A still further objective of the present invention is to provide an improved coil mounting arrangement and method for damping vibrations within the coil housing to reduce the vibrational effects upon the coil. The present invention accomplishes this by increasing the gel viscosity. Loading the gel with particles, preferably made of silica, increases the gel viscosity, thereby improving the vibration damping properties of the gel. Alternatively, the gel can be loaded either with particles of less than one micron in size to increase gel viscosity and thus permit the control of vibration effects or with larger particles to modify the thermal properties for the gel or both.
In a modified form of the invention, the optical-fiber sensing coil rests on a mounting surface in the cavity formed by the housing and is otherwise wholly or partly surrounded by the gel. In another embodiment of the invention, the optical fiber sensing coil is wound around a form that has a layer of gel on the coil-supporting surface. A coating of adhesive is preferably applied to the outside surfaces of the coil to hold the coil windings together in a stable configuration around the layer of gel.
FIG. 1 is an exploded perspective view of a fiber optic gyroscope sensing coil mounted in accordance with the present invention;
FIG. 2 is an enlarged vertical sectional view of the sensing coil mounting assembly shown in FIG. 1;
FIGS. 3a-3d are perspective views of certain of the elements shown in FIGS. 1 and 2, illustrating sequential stages in the assembly thereof;
FIG. 4 is an enlarged perspective view of the sensing coil used in the assembly of FIGS. 1-3;
FIG. 5 is a vertical section of a modified sensing coil mounting assembly embodying the present invention; and
FIG. 6 is a vertical section of another modified sensing coil mounting assembly embodying the present invention.
While the invention is susceptible to various modifications and alternative forms, specific embodiments thereof have been shown by way of example in the drawings and will be described in detail herein. It should be understood, however, that it is not intended to limit the invention to the particular forms described, but, on the contrary, the intention is to cover all modifications, equivalents and alternatives falling within the spirit and scope of the invention as defined by the appended claims.
Turning now to the drawings and referring first to FIG. 1 and FIG. 2, a multi-turn coil 10 of optical fiber is disposed within a body of gel 11 contained in an annular cavity 12 formed by an aluminum housing 13. The coil 10 is preferably preformed and connected to a directional coupler 10a (see FIG. 4) connected in series with a polarizer 10b and a second directional coupler 10c. The coil, the directional couplers, and the polarizer are then all submerged within the gel 11 with a length of the fiber at one end of the coil extending through a pair of holes 15a and 15b in the inner wall of the cavity 12 to form part of a piezoelectric phase modulator or PZT 14 mounted within a central cavity 15 formed by the housing 13. The two fibers at the end of the directional coupler most distal from the coil extend downwardly through a pair of slots 12a and 12b in the bottom wall of the cavity 12 for connection to a laser 16 and a photodetector 17 mounted on a printed circuit board (PCB) 18. The PCB 18 is attached to the lower portion of the housing 13 by a bottom plate 19 and a plurality of screws. Two additional PCBs 21 and 22 mounted above the housing 13 contain the power supply and signal processing circuitry for the gyroscope. The PCBs 21 and 22 are spaced from each other and from the housing 13 by two sets of spacer posts 23 and 24. All these elements are nested inside a protective cylinder 25 along with the housing 13 and the PCB 18, and then a top plate 26 closes the end of the cylinder 25. A plurality of screws are passed through the top plate 26, the two PCBs 21 and 22 and the spacer posts 23 and 24, and are threaded into the housing 13. Channels 27 and 28 in the outer wall of the housing accommodate a wiring harness (not shown) for interconnecting the various PCBs.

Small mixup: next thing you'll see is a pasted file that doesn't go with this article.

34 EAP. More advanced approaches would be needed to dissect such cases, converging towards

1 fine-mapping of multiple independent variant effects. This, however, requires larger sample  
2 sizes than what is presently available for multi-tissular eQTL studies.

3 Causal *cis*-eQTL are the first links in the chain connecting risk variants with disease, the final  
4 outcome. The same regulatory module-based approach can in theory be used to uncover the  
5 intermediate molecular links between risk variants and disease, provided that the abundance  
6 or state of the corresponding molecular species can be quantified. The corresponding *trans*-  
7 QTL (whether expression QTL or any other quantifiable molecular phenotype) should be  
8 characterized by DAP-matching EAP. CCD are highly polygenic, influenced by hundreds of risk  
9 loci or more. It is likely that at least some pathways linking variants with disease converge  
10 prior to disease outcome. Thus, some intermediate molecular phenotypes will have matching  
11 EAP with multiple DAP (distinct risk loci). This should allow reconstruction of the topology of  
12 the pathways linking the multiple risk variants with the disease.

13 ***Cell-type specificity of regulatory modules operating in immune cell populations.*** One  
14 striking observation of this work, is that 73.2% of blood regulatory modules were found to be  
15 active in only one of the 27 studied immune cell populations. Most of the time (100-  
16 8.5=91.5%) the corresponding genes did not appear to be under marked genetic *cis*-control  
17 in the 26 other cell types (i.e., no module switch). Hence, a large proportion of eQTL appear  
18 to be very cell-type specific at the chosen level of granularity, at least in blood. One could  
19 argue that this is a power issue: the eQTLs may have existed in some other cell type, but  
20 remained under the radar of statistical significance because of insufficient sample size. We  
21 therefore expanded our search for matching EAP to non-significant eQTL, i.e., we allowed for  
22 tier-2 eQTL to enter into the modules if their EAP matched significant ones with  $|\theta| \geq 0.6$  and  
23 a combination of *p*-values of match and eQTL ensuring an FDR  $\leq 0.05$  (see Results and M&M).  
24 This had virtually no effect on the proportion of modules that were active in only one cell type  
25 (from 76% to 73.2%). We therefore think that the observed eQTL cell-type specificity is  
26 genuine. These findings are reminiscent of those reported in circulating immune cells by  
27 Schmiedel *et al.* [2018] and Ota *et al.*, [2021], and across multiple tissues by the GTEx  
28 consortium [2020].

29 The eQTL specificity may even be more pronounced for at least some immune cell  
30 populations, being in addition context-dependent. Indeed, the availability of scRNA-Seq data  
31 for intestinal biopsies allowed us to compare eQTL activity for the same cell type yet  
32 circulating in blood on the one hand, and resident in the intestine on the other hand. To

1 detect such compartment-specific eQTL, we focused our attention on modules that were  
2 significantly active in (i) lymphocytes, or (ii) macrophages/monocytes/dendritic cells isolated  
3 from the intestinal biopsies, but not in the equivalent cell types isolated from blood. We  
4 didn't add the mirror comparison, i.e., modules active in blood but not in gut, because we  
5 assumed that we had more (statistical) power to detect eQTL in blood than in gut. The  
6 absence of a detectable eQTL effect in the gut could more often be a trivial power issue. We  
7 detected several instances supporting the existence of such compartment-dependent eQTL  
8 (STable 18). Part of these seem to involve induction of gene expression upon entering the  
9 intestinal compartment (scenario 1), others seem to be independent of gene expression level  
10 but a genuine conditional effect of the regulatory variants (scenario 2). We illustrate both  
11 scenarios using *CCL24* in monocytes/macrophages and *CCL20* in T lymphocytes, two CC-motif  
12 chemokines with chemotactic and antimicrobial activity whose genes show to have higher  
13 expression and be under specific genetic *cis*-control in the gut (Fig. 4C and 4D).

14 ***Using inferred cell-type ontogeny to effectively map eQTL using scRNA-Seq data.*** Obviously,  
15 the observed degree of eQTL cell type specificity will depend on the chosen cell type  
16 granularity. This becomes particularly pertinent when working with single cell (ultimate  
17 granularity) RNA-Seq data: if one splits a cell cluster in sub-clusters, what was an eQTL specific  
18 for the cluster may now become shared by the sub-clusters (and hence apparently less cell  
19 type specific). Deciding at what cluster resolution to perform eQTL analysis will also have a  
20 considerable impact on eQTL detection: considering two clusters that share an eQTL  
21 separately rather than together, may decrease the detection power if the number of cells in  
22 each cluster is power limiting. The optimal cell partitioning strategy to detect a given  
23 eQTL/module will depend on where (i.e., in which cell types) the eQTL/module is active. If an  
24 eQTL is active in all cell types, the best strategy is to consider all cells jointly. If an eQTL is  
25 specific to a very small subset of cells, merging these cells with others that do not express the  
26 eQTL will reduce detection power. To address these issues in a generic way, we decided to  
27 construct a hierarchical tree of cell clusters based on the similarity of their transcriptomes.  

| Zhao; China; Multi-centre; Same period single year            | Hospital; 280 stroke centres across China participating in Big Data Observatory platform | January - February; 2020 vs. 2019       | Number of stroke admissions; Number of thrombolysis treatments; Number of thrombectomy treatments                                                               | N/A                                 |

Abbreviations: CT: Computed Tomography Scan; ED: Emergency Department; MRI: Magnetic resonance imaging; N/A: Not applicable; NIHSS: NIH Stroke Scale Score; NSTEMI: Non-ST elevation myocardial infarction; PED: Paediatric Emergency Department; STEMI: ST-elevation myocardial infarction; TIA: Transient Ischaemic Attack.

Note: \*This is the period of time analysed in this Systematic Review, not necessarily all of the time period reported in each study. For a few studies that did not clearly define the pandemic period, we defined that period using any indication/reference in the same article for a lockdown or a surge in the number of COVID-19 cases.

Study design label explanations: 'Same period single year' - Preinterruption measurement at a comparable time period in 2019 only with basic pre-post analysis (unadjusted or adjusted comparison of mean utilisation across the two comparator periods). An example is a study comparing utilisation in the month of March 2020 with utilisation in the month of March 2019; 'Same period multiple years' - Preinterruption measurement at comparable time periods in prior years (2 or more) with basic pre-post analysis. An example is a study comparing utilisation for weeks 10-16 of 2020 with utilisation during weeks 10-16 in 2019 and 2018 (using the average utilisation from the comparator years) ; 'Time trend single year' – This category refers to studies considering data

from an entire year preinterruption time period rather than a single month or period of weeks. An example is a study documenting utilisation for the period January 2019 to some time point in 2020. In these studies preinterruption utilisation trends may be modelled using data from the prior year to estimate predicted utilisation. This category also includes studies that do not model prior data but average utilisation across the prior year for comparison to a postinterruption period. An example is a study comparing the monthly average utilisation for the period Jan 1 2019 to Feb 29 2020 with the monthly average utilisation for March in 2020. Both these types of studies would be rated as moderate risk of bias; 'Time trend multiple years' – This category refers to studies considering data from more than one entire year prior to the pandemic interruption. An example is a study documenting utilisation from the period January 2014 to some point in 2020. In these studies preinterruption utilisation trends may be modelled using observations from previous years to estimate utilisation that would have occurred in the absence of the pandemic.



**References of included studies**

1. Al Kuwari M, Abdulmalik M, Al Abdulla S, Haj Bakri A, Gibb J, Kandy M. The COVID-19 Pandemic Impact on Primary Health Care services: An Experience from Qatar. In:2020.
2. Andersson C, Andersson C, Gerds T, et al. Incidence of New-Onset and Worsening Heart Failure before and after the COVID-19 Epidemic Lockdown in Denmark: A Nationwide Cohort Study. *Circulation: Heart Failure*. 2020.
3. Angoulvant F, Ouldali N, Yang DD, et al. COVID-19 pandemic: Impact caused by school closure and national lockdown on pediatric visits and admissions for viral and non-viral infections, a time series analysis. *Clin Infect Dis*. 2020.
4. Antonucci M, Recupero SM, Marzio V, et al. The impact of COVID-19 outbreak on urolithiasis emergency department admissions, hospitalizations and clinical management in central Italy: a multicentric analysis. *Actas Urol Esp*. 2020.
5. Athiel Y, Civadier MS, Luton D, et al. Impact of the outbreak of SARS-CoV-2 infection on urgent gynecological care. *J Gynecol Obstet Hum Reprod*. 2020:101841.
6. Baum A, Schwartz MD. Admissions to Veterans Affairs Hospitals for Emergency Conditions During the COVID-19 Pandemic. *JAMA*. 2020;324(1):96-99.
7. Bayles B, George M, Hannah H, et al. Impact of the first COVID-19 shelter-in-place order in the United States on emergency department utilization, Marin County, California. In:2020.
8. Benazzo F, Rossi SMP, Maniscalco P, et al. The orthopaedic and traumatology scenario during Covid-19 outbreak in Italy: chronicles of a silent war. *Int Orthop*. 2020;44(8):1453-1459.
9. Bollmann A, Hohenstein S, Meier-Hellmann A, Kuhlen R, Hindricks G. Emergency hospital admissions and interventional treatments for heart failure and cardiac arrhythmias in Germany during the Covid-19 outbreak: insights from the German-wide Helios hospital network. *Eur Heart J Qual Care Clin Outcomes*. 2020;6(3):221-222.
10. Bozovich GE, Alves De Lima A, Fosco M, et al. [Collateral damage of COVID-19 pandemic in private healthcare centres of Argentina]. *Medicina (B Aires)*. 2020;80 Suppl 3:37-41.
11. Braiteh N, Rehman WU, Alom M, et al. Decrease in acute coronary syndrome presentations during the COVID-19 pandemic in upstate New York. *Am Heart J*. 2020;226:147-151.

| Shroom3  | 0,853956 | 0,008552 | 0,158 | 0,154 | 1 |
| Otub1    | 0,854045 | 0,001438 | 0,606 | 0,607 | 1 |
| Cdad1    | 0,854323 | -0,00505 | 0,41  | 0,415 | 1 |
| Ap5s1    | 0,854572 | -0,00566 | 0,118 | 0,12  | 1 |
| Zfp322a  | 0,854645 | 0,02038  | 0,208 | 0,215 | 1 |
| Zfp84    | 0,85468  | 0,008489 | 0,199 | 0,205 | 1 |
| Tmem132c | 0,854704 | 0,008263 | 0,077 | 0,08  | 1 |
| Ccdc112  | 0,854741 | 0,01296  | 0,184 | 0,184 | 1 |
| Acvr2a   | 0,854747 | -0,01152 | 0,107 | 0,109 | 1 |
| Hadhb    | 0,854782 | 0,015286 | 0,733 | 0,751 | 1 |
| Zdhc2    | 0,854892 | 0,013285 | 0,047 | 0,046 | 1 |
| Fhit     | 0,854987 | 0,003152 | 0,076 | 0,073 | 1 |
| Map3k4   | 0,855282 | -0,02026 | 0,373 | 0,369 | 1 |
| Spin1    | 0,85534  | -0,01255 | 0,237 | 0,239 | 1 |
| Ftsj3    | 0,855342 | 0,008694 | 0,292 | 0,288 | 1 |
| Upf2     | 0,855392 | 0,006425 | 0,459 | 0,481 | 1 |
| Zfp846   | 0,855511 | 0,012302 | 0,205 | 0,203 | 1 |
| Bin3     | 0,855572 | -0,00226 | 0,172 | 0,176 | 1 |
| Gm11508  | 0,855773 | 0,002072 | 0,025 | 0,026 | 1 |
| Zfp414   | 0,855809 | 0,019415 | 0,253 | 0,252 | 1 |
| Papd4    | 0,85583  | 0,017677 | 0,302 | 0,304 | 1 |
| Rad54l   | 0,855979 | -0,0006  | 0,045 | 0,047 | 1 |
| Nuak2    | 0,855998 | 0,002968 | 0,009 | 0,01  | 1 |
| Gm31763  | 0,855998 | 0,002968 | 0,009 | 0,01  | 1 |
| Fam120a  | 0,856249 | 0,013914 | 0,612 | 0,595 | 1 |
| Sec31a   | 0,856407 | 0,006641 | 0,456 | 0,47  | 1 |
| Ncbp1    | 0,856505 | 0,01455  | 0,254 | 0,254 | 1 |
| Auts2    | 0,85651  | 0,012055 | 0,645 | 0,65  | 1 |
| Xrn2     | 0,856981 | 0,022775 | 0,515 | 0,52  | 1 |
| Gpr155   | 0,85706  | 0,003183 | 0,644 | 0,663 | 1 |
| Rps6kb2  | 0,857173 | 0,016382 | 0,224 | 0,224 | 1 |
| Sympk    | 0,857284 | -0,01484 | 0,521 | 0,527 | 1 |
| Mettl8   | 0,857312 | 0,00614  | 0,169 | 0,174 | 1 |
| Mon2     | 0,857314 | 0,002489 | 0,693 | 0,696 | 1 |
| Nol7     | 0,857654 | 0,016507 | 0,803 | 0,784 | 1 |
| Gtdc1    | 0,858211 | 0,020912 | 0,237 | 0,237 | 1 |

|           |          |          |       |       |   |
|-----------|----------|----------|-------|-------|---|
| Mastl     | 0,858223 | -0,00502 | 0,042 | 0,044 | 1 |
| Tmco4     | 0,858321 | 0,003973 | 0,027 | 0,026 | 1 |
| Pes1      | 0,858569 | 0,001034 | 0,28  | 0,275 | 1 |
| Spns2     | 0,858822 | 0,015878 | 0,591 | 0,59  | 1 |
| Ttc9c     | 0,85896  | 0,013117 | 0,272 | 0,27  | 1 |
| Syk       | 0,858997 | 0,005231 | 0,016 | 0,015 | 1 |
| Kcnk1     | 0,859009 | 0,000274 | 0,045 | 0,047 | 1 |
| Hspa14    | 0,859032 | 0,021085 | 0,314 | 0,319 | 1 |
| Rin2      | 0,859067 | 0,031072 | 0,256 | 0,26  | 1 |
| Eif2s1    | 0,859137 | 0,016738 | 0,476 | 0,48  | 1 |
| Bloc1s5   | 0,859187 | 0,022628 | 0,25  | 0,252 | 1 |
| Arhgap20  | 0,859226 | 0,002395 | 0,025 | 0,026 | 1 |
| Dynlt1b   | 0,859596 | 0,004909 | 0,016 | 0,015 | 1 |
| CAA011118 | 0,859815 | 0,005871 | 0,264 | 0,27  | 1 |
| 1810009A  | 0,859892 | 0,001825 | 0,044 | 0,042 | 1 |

To protect the optical fiber from forces exerted by acceleration and vibrations on the leads extending from the housing 13 to the laser 16 and the photodetector 17, the space between the PCB 18 and the bottom of the cavity 12 is preferably filled with the same gel used in the cavity 12. This additional gel holds the leads in stable positions between the cavity 12 and the PCB 18.